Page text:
7.25.2008

Straight to Ink

I've been taking a tip from Jim Mahfood lately and trying to draw directly in ink in my sketchbook without pencilling anything first. It's tough...it humbles you pretty quickly, and makes you realize you're not half as good at drawing as you think you are. For this one, I cheated and put just a bit of graphite down first, just so's I'd know where the fingers go and whatnot. Kinda defeats the purpose, I s'pose, but at least it looks good enough that I don't feel too embarrassed putting it up on the ol' blog.

10 comments:

clifford said...

Super hot. I like how she is kind of thick, not such a barbie doll, not that there is anything wrong with a barbie doll...

Thanks for sharing!

Shon Richards said...

It's really nice. I like how you share these experiments with us. It demystifies the artist process in a good way.

Keath007 said...

Looks fab!

A few scant months away from preseason games - after last year's impressive playoff run I think my Dallas Stars are finally back on track!

spencer said...

just wanted to say that i love your blog.

vinylsaurus said...

This one came out great! I've tried drawing in ink recently too and if nothing else it's a good warmup.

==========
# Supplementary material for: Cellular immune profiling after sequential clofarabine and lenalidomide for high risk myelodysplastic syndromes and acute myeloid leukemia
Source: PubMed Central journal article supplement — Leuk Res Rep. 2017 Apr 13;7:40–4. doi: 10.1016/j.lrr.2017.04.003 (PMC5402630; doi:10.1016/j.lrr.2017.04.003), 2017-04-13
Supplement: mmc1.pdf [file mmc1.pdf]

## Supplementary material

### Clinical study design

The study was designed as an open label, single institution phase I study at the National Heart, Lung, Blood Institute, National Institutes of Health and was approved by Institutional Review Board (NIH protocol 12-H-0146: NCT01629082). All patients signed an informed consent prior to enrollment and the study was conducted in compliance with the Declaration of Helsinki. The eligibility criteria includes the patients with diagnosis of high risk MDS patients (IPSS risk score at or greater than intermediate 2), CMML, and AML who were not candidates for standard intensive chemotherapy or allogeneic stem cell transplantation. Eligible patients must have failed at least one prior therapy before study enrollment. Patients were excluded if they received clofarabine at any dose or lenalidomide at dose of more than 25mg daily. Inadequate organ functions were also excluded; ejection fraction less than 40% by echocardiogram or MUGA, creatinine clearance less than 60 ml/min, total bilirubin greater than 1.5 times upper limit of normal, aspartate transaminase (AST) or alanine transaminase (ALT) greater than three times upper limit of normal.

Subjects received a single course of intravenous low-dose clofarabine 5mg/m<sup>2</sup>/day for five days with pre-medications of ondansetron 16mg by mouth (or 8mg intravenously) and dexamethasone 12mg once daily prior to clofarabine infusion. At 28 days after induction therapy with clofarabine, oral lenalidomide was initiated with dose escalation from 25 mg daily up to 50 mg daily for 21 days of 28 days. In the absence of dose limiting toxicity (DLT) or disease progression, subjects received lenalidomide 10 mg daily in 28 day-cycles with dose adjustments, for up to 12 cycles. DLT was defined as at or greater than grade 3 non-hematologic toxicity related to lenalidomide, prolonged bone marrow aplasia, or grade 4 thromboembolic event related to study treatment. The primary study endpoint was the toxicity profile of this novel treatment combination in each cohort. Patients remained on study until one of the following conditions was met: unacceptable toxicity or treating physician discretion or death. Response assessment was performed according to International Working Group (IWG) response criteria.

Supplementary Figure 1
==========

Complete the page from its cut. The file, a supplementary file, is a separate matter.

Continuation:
Alonzo the Armless said...

I think it looks great too and hope you post more drawings done in ink with no pencils under it. This girl looks more fleshy and real. Nice work, Rob!

EZG said...

Pretty snazzy. Love the way the hips and thighs look.

Jimmy said...

Hi, hope you keep it up too ! Pencils are like baby wheels, at some point, you have to let them go... somewhat (we will always have to use them once in a while for complicated perspectives with multiple characters, and such). I prefer a drawing that may be a little clumsy, but that has the freshness and liveliness of "direct to ink" or "direct to final line" if you work with pencils. We often waste our most inspired lines in scaffolding that will get erased. Don't worry, at first it's scary, but you'll get around to do stuff that you'll find more fulfilling very very soon.

J

Robert Ullman said...

Wow! Thanks, all!

Jimmy: You're exactly right, especially about the "scaffolding" of lines that end up being erased...The life and motion of my sketches when I go to a final illustration...hopefully this will aid me in keeping the work a little more "alive"!

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I sit back with excitement and tears looking at this priceless art! It's funny how a simple picture when seen can tell a whollllleeee story! haha well hey guys thanks so much for sharing, sometimes people need an enlightment of visual beauty to uplift the soul, and this sure did do the job!